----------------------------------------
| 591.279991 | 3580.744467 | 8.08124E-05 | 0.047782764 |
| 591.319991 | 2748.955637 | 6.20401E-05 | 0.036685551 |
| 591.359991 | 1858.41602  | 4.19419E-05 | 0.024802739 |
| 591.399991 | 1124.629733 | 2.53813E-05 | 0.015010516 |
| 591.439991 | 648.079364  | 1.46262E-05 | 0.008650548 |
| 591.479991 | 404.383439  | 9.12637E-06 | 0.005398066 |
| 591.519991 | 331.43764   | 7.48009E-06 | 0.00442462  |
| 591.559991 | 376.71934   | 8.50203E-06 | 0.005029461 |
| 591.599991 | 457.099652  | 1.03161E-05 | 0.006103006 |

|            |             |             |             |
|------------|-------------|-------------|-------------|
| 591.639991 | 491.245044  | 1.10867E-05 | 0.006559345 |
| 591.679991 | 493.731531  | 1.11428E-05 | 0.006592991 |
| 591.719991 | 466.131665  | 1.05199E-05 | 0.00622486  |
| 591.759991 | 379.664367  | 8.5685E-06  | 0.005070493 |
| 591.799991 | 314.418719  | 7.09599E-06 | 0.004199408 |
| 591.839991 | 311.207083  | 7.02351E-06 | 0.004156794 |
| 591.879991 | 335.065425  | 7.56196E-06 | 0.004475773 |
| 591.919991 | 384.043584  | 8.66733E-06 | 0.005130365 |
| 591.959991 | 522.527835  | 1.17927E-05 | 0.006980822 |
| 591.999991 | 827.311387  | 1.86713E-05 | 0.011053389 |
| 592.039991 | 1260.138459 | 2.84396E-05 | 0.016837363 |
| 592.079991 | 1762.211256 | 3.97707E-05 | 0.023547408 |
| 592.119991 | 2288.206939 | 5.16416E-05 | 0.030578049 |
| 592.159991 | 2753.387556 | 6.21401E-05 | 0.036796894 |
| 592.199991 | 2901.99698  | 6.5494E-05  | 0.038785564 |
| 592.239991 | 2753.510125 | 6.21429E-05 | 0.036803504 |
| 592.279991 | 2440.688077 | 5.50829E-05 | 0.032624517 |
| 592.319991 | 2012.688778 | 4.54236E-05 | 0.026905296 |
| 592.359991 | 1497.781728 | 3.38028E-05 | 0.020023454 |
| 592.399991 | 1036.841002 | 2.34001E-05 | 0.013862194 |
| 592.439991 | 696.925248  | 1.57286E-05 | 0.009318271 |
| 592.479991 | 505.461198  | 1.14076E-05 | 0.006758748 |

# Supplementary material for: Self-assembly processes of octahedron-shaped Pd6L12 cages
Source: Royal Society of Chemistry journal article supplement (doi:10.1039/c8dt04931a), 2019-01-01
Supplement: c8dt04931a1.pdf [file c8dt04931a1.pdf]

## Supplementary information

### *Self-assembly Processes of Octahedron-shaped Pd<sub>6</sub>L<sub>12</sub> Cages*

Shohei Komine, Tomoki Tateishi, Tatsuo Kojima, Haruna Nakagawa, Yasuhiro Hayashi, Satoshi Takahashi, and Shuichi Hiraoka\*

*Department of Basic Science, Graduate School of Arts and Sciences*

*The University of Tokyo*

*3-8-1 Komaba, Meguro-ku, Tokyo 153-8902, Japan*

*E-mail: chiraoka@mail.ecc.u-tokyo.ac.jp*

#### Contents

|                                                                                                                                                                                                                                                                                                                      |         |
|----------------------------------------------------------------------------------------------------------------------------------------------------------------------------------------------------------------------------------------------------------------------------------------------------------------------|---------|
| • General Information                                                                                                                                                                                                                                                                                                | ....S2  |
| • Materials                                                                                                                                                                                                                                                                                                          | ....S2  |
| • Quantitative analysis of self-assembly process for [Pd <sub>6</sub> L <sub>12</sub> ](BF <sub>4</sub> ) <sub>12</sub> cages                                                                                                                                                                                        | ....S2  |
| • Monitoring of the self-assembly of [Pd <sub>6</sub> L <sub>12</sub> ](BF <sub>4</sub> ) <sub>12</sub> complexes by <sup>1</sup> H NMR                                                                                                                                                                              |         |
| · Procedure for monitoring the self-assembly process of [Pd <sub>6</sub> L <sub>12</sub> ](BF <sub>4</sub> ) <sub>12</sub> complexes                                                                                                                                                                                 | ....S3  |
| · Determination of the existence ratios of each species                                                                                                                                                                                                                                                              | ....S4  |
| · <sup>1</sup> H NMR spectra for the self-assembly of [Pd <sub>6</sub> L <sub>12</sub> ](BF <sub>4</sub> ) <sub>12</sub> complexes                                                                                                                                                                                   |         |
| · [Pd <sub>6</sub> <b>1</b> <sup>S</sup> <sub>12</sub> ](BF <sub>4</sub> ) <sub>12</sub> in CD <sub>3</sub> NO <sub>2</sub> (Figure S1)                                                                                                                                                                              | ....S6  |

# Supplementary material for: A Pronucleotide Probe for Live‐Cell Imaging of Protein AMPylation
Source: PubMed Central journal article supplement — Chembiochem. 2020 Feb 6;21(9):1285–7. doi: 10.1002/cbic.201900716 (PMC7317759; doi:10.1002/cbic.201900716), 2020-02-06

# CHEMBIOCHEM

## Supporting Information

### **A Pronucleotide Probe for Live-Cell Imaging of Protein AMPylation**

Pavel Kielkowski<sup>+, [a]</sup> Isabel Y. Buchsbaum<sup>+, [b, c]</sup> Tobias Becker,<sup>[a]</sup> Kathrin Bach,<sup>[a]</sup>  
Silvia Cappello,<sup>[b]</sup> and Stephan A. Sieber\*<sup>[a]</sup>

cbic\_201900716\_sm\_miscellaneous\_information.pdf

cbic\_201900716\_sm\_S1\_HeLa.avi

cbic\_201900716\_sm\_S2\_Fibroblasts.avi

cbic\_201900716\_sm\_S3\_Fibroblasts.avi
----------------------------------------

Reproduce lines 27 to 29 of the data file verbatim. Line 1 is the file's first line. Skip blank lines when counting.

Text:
| 592.239991 | 2753.510125 | 6.21429E-05 | 0.036803504 |
| 592.279991 | 2440.688077 | 5.50829E-05 | 0.032624517 |
| 592.319991 | 2012.688778 | 4.54236E-05 | 0.026905296 |